U.S. Committee for Refugees World Refugee Survey 2001 - Estonia
|Publisher||United States Committee for Refugees and Immigrants|
|Publication Date||20 June 2001|
|Cite as||United States Committee for Refugees and Immigrants, U.S. Committee for Refugees World Refugee Survey 2001 - Estonia , 20 June 2001, available at: http://www.refworld.org/docid/3b31e1624.html [accessed 28 May 2017]|
|Disclaimer||This is not a UNHCR publication. UNHCR is not responsible for, nor does it necessarily endorse, its content. Any views expressed are solely those of the author or publisher and do not necessarily reflect those of UNHCR, the United Nations or its Member States.|
Estonia hosted 27 refugees and asylum seekers at the end of 2000. These included 4 persons granted asylum during the year (the first to be granted asylum in Estonia since Estonia's 1997 ratification of the UN Refugee Convention), 4 persons granted temporary residence on humanitarian grounds, and 19 persons whose asylum claims were pending.
During the year, 3 asylum seekers submitted applications. Estonia decided 11 asylum cases (including some pending from 1999), granting 4, of which 2 (from Afghanistan) were granted in the first instance and 2 (from Algeria) after the administrative court ruled in favor of the applicants. The court does not issue merits-based decisions but rules only on questions of law.
Estonia acceded to the UN Refugee Convention and adopted a national refugee law (the "Refugees Act") in 1997.
Through 1999 amendments to the Refugees Act, responsibility for deciding refugee claims moved from the Estonian Cabinet of Ministers to the Citizenship and Migration Board (CMB). Under the amended procedure, the CMB can conduct expedited processing of asylum applications at border checkpoints and in areas within Estonia. The CMB may use the accelerated procedure for applicants who arrive from a "safe country of origin" or a "safe third country," or whose claims are "manifestly unfounded." The amended law states that Estonia should follow UN High Commissioner for Refugees (UNHCR) guidelines when applying the safe third country principle.
The CMB interviews applicants to ascertain their credibility, the authenticity of their documents, and their compliance with the grounds for asylum in Estonia before deciding whether to allow them to enter the normal refugee status determination procedure or to begin deportation proceedings.
Other amendments in 1999 established a national register of asylum seekers and refugees and allowed asylum seekers ten days to appeal negative decisions.
The CMB requires all asylum seekers subject to the accelerated procedure to reside in a temporary reception facility. In June, Estonia opened its first refugee reception center in Illuka, on the border with Russia.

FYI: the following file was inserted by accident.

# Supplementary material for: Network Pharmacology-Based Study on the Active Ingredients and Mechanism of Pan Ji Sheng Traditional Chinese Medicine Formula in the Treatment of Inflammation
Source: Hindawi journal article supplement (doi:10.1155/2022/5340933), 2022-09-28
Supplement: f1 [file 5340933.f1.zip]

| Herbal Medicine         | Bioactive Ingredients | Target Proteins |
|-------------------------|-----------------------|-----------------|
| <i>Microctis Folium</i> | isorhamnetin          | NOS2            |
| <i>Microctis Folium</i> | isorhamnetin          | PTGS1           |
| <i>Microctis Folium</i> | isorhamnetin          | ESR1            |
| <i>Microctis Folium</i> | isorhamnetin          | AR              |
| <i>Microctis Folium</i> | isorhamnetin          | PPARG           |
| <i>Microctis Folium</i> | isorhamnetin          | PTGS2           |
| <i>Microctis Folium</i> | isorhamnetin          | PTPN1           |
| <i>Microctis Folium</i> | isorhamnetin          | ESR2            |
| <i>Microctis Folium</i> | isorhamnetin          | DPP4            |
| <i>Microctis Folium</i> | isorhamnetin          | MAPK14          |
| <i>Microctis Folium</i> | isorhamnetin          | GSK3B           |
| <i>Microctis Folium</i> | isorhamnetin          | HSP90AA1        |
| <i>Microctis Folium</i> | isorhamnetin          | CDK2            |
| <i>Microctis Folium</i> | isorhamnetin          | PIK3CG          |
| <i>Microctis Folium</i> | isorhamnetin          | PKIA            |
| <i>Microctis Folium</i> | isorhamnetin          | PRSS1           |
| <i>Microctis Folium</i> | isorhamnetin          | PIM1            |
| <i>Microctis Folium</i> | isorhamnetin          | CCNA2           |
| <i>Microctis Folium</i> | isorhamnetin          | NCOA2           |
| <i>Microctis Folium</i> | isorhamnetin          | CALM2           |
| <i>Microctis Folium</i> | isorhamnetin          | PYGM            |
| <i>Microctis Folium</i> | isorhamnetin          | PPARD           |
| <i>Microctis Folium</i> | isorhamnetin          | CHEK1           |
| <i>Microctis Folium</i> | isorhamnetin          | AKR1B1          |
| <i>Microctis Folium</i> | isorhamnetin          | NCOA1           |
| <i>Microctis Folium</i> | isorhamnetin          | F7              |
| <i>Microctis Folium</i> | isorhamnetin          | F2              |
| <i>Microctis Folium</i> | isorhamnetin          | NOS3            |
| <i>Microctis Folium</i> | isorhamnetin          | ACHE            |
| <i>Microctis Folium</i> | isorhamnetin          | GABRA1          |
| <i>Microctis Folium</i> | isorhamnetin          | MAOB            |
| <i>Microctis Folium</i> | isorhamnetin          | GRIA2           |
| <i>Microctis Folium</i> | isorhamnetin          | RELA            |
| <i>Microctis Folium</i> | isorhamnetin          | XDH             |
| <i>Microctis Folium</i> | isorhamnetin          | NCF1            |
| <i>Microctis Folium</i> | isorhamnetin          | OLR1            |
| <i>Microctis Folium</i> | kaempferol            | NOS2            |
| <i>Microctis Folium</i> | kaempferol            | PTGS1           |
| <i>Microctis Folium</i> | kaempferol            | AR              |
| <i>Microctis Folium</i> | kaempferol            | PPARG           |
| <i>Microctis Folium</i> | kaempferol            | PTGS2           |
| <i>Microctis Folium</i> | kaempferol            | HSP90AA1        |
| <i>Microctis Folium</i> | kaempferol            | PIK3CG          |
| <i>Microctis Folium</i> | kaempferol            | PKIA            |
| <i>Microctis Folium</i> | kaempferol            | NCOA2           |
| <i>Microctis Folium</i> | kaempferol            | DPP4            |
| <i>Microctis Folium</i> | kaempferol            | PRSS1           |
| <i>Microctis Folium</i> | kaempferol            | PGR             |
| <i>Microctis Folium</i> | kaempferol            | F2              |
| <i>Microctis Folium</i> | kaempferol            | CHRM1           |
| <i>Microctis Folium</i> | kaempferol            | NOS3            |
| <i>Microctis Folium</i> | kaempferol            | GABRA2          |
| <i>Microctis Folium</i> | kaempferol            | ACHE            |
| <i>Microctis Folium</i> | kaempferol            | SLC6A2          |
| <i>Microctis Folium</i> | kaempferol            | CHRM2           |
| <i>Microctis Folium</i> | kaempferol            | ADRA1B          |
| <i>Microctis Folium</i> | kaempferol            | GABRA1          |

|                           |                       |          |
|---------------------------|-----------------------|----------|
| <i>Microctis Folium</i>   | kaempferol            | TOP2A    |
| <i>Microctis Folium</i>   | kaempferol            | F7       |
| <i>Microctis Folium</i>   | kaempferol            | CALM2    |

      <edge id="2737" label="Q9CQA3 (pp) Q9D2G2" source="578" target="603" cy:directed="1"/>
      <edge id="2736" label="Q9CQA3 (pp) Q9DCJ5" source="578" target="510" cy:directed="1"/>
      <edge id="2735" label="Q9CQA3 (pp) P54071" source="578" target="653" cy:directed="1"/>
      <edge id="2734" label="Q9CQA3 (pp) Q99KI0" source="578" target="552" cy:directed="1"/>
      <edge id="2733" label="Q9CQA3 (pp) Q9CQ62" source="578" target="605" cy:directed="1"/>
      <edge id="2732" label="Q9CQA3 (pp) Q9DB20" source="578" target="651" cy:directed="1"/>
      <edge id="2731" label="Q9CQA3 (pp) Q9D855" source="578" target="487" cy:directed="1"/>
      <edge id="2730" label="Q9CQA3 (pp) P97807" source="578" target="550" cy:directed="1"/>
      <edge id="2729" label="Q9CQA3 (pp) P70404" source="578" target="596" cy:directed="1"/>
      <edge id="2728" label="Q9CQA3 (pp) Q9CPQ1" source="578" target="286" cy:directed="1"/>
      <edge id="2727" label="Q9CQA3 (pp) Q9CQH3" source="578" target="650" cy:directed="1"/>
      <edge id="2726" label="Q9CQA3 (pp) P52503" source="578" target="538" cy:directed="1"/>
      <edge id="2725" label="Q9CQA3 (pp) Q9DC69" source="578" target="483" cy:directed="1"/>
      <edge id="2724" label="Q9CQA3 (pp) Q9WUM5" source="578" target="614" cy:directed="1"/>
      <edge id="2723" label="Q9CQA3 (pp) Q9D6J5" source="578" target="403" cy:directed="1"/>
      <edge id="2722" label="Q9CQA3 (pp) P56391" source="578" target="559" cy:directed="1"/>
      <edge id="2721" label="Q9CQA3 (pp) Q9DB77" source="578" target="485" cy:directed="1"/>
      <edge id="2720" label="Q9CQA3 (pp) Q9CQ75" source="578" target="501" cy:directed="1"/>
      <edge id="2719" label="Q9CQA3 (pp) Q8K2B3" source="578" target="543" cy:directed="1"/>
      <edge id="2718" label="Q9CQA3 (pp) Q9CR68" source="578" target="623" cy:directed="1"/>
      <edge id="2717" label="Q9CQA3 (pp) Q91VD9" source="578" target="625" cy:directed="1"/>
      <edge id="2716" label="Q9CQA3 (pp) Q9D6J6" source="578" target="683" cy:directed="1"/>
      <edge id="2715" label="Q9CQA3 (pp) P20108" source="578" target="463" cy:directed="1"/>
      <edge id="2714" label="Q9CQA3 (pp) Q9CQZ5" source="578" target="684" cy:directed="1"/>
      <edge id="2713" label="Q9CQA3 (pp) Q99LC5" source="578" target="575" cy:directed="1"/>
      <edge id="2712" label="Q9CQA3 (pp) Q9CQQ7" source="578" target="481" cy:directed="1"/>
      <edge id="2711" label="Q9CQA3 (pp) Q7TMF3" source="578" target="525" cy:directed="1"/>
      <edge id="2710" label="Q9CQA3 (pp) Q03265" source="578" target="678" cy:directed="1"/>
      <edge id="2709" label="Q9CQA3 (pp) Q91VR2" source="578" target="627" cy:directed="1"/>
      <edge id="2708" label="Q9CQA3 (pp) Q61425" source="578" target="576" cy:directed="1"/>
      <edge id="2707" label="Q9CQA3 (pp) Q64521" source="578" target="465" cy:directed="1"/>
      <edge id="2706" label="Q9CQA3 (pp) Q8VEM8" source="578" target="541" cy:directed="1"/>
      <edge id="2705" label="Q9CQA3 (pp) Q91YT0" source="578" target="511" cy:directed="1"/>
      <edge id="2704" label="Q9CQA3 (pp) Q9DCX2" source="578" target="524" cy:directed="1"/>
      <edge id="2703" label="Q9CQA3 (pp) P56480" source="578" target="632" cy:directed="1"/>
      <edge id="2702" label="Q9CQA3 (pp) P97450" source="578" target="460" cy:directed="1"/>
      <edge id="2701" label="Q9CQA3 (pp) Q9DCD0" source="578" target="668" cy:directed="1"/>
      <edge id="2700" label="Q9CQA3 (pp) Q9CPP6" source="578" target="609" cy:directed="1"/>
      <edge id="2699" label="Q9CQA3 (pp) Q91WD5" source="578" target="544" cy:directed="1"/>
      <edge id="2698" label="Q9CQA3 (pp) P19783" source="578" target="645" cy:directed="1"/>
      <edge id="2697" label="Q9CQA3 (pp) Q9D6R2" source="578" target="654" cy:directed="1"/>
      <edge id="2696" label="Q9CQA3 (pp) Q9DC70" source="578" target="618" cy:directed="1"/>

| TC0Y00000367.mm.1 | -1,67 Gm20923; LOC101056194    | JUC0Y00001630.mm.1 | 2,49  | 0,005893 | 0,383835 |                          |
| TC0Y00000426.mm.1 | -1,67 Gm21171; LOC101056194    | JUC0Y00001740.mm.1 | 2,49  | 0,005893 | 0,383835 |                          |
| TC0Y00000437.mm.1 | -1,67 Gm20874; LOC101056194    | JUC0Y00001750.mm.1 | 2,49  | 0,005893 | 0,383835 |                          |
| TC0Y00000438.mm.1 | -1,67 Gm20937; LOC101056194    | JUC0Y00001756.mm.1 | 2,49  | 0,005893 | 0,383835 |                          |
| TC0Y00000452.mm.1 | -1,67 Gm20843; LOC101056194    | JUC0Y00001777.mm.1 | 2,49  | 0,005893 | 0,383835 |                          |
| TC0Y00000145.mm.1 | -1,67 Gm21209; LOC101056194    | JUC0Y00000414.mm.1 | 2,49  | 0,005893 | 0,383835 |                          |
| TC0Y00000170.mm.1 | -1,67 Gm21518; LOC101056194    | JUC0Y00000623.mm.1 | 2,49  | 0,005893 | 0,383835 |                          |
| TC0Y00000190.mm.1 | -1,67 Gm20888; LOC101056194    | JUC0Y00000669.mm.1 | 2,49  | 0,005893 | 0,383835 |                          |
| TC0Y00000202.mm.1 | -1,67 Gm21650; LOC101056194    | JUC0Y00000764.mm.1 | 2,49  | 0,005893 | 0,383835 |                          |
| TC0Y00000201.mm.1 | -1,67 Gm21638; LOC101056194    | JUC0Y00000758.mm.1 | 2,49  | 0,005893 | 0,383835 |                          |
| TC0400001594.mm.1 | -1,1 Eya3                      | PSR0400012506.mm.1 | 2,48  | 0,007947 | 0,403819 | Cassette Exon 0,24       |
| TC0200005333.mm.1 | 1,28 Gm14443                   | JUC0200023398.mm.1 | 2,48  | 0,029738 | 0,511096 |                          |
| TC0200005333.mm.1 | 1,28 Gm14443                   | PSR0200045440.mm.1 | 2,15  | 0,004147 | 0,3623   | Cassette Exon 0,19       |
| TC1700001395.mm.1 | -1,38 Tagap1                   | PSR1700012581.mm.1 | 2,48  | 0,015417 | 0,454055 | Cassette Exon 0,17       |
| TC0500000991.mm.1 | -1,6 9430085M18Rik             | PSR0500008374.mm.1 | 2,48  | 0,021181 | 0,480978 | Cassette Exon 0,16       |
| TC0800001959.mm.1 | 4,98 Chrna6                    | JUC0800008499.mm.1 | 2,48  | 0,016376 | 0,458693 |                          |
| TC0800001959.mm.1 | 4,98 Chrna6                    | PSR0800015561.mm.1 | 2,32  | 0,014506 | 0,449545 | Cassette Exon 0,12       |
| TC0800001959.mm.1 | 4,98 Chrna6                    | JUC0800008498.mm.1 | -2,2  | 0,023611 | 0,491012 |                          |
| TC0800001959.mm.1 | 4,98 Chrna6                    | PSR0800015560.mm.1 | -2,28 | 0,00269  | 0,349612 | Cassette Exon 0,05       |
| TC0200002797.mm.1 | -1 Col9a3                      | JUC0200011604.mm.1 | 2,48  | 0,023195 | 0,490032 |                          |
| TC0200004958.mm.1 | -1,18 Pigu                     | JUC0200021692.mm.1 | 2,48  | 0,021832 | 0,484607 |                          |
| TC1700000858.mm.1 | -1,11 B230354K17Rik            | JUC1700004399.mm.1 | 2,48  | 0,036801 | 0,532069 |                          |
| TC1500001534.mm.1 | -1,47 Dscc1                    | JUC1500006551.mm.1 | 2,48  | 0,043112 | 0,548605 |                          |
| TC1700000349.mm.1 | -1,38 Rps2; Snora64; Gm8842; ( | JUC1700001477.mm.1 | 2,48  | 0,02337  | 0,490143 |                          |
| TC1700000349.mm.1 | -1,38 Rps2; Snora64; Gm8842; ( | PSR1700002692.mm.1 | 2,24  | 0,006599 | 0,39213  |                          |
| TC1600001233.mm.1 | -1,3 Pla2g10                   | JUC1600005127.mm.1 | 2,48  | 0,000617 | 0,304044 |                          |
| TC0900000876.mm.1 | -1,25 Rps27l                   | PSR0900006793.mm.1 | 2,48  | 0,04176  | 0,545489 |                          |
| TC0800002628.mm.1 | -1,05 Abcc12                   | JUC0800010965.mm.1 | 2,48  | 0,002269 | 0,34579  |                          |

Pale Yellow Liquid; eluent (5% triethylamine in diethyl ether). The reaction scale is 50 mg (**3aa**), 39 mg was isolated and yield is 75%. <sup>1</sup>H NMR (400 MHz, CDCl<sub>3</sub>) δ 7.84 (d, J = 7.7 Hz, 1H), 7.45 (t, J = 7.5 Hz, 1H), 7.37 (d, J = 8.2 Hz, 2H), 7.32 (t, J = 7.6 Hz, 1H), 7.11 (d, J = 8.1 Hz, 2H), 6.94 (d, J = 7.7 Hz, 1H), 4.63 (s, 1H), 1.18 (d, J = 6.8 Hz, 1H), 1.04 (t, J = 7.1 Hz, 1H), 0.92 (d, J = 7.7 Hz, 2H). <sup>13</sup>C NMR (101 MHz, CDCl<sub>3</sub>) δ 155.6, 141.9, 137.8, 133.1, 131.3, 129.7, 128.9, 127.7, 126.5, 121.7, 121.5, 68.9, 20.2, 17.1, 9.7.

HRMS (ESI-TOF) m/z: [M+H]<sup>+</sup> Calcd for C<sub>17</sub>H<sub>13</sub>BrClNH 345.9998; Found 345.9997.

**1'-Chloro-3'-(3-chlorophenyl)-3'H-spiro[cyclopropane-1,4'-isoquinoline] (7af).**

Asylum applicants and refugees receive a small monthly stipend, medical care, and interpretation services. The government subsidizes legal counsel for asylum seekers during the appeals stage of the asylum procedure and, increasingly, in the first instance.
Recognized refugees receive temporary residence permits and work authorization for up to two years, which may be extended if the conditions that caused them to flee persist. Refugees also have the right to state allowances, employment services, and unemployment benefits equal to those of citizens.
Estonia may grant temporary residence permits on humanitarian grounds to persons who do not meet the refugee definition. During 2000, Estonia granted five-year humanitarian residence permits to four persons (all Afghans). Persons with humanitarian status have the same rights and receive the same benefits as others who receive residence permits.
Because aliens must usually apply for humanitarian residence permits at Estonian missions abroad, persons within Estonia, such as rejected asylum seekers, must obtain permission to apply from the interior minister.
UNHCR has noted several limitations of the temporary residence scheme. For example, because the status is not part of the regular asylum procedure, UNHCR said it does not adequately substitute for the lack of a humanitarian status for asylum seekers who do not meet the refugee definition but are in need of protection.
In addition to long-standing readmission agreements with Latvia and Lithuania, Estonia has signed readmission agreements with France, Germany, Iceland, Italy, Poland, Slovenia, Spain, Switzerland, and – in July 2000 – Austria. Estonia has also signed visa-free travel agreements with Finland, Norway, and Sweden containing provisions regarding the readmission of third country nationals.
In June, Estonian and Turkish officials noted that because Estonia is a member of the European Union's Schengen agreement (see box, p. 198), Estonia would not be able to offer visa-free travel to Turkish citizens until all Schengen countries agree to do so.
During 2000, UN bodies continued to criticize Estonia regarding its policies toward ethnic minorities and, in particular, for its refusal to grant citizenship to hundreds of thousands of Russian-speakers within its borders.